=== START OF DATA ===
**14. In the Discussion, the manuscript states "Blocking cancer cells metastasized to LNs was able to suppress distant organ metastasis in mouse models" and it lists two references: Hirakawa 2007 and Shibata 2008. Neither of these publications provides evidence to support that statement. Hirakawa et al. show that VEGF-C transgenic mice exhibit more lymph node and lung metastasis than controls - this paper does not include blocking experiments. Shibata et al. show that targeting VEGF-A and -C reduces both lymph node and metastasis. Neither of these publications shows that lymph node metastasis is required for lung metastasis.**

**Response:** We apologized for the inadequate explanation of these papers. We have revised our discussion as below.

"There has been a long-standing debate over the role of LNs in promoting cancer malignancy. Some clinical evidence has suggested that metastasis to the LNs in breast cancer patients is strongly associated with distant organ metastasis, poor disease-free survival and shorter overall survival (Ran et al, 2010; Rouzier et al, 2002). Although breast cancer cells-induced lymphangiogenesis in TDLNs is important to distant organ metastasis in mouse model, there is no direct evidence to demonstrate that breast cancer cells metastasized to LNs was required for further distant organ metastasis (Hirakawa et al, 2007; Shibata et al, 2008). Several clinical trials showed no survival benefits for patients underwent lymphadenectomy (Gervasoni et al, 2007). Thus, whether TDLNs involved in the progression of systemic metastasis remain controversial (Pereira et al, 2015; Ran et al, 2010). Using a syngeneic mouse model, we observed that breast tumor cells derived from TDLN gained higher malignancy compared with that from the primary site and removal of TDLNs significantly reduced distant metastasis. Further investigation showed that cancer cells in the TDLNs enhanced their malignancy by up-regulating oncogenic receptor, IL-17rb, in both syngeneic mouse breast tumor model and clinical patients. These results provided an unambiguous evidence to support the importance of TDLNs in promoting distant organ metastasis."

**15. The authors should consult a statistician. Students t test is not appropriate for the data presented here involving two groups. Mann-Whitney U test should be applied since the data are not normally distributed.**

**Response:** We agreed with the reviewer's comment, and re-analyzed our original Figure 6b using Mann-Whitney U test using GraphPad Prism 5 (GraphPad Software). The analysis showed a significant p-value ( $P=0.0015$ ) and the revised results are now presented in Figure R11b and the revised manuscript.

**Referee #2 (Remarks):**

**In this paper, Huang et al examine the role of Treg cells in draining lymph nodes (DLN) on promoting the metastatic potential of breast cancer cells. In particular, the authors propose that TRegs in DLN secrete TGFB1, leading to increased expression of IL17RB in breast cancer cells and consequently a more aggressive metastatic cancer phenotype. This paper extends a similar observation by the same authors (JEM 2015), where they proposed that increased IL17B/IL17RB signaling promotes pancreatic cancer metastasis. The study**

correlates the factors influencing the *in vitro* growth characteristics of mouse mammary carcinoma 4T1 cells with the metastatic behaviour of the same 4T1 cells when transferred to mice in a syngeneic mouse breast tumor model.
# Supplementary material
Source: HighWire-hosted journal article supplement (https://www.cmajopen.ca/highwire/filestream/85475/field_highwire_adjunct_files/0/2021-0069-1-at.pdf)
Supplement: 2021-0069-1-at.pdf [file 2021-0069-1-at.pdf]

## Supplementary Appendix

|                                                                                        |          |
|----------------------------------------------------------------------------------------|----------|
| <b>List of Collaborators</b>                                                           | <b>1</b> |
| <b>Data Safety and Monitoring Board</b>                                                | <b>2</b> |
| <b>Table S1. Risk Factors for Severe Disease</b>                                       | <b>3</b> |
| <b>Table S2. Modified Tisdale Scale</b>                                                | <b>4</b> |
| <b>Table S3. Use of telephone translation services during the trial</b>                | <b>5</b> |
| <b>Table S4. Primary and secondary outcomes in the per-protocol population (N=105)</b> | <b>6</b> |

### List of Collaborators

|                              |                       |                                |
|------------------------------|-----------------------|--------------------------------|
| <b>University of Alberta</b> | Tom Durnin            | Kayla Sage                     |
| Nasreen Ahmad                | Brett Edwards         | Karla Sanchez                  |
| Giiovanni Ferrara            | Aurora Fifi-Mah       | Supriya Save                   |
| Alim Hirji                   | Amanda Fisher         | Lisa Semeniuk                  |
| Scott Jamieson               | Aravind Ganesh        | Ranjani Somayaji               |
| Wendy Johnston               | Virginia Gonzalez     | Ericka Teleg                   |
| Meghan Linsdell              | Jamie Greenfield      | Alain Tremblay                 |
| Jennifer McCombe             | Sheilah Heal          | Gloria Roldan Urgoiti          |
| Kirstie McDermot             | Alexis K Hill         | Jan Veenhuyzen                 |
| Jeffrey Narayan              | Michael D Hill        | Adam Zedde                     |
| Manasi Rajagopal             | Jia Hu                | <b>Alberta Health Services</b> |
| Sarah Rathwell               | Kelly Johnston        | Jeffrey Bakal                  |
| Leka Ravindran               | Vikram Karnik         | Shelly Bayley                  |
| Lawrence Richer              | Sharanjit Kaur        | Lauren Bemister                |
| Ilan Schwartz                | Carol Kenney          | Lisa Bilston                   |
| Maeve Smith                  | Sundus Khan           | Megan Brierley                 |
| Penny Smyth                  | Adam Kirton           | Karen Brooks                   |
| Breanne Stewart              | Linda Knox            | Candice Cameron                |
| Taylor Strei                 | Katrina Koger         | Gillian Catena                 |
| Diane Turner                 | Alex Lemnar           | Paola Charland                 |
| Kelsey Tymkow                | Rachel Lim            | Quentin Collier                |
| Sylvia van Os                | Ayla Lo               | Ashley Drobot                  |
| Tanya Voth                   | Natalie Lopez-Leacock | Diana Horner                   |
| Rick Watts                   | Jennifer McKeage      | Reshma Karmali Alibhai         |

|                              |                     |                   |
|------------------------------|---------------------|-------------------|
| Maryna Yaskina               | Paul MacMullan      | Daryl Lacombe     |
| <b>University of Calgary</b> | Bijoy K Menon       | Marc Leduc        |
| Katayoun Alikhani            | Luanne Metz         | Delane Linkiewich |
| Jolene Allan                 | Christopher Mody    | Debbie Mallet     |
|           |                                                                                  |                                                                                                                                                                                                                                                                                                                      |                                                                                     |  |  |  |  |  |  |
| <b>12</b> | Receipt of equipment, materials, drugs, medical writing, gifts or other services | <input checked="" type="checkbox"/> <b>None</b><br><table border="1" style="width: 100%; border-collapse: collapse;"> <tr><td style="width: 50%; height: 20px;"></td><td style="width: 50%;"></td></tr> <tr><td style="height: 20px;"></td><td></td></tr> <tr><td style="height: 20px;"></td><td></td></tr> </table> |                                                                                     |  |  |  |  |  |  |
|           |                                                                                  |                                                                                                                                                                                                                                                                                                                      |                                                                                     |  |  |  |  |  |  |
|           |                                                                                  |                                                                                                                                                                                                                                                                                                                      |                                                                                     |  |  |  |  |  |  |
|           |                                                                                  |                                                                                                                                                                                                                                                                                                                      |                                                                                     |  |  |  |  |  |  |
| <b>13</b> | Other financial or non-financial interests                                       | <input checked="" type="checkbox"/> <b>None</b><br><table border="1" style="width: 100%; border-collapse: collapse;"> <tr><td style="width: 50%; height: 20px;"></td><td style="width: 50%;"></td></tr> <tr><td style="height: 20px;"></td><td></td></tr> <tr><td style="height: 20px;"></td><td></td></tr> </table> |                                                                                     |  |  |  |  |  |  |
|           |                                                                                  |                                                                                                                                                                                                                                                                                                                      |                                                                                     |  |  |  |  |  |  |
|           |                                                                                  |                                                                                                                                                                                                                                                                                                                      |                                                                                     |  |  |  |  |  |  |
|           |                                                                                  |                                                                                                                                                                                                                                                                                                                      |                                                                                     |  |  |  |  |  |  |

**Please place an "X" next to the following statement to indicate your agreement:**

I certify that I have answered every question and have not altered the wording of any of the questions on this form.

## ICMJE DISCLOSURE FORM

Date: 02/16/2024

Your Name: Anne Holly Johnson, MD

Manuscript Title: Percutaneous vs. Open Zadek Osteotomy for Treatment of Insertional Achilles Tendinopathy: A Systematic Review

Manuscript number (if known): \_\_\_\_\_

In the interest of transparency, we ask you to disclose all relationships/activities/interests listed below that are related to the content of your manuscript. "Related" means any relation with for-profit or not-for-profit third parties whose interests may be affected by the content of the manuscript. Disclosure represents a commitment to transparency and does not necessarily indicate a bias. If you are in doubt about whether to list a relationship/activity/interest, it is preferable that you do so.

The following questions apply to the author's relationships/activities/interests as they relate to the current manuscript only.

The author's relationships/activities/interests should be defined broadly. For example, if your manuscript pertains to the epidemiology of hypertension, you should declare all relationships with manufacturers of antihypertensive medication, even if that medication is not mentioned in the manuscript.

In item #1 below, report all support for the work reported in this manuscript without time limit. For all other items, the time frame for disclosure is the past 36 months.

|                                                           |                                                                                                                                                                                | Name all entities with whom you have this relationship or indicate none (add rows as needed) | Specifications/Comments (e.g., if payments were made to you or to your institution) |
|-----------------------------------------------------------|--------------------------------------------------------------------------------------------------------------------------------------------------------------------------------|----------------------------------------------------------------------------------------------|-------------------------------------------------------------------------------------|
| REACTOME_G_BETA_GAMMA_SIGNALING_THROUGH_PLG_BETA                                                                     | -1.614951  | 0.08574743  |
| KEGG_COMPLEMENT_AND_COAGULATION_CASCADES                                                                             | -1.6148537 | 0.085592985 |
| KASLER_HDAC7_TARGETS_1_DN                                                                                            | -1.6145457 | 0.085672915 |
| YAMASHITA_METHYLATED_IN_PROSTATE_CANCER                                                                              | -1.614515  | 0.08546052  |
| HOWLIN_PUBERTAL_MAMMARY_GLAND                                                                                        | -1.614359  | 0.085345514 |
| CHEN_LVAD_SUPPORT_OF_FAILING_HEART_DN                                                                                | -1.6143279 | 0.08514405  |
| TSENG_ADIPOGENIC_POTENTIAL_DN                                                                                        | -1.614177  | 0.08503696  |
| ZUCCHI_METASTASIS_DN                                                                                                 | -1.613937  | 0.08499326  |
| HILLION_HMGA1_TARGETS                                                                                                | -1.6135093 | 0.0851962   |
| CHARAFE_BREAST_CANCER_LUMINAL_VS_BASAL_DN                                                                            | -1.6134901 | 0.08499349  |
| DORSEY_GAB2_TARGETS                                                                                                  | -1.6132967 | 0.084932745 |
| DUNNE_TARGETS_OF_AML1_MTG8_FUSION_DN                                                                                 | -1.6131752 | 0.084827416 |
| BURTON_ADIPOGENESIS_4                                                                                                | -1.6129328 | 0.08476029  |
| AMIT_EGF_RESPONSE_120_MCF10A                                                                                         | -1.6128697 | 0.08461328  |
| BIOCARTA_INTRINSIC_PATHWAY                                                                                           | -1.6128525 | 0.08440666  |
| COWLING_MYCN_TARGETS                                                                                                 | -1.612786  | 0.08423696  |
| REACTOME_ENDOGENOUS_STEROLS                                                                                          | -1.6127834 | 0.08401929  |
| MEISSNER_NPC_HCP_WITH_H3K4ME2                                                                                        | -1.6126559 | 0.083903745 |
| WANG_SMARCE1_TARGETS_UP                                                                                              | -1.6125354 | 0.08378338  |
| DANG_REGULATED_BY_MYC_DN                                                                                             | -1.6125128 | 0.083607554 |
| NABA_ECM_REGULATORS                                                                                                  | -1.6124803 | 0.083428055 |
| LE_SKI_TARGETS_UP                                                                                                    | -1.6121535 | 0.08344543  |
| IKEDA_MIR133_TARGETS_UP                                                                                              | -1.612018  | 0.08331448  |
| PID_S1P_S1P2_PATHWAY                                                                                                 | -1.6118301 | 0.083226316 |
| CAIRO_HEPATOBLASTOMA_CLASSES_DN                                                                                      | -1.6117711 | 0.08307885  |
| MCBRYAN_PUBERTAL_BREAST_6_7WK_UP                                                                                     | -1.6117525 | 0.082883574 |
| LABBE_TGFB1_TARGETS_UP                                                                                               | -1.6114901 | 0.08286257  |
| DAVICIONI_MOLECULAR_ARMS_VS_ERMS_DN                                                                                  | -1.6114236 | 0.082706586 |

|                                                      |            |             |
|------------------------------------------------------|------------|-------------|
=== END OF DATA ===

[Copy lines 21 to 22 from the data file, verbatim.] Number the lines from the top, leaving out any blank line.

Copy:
### List of Collaborators

|                              |                       |                                |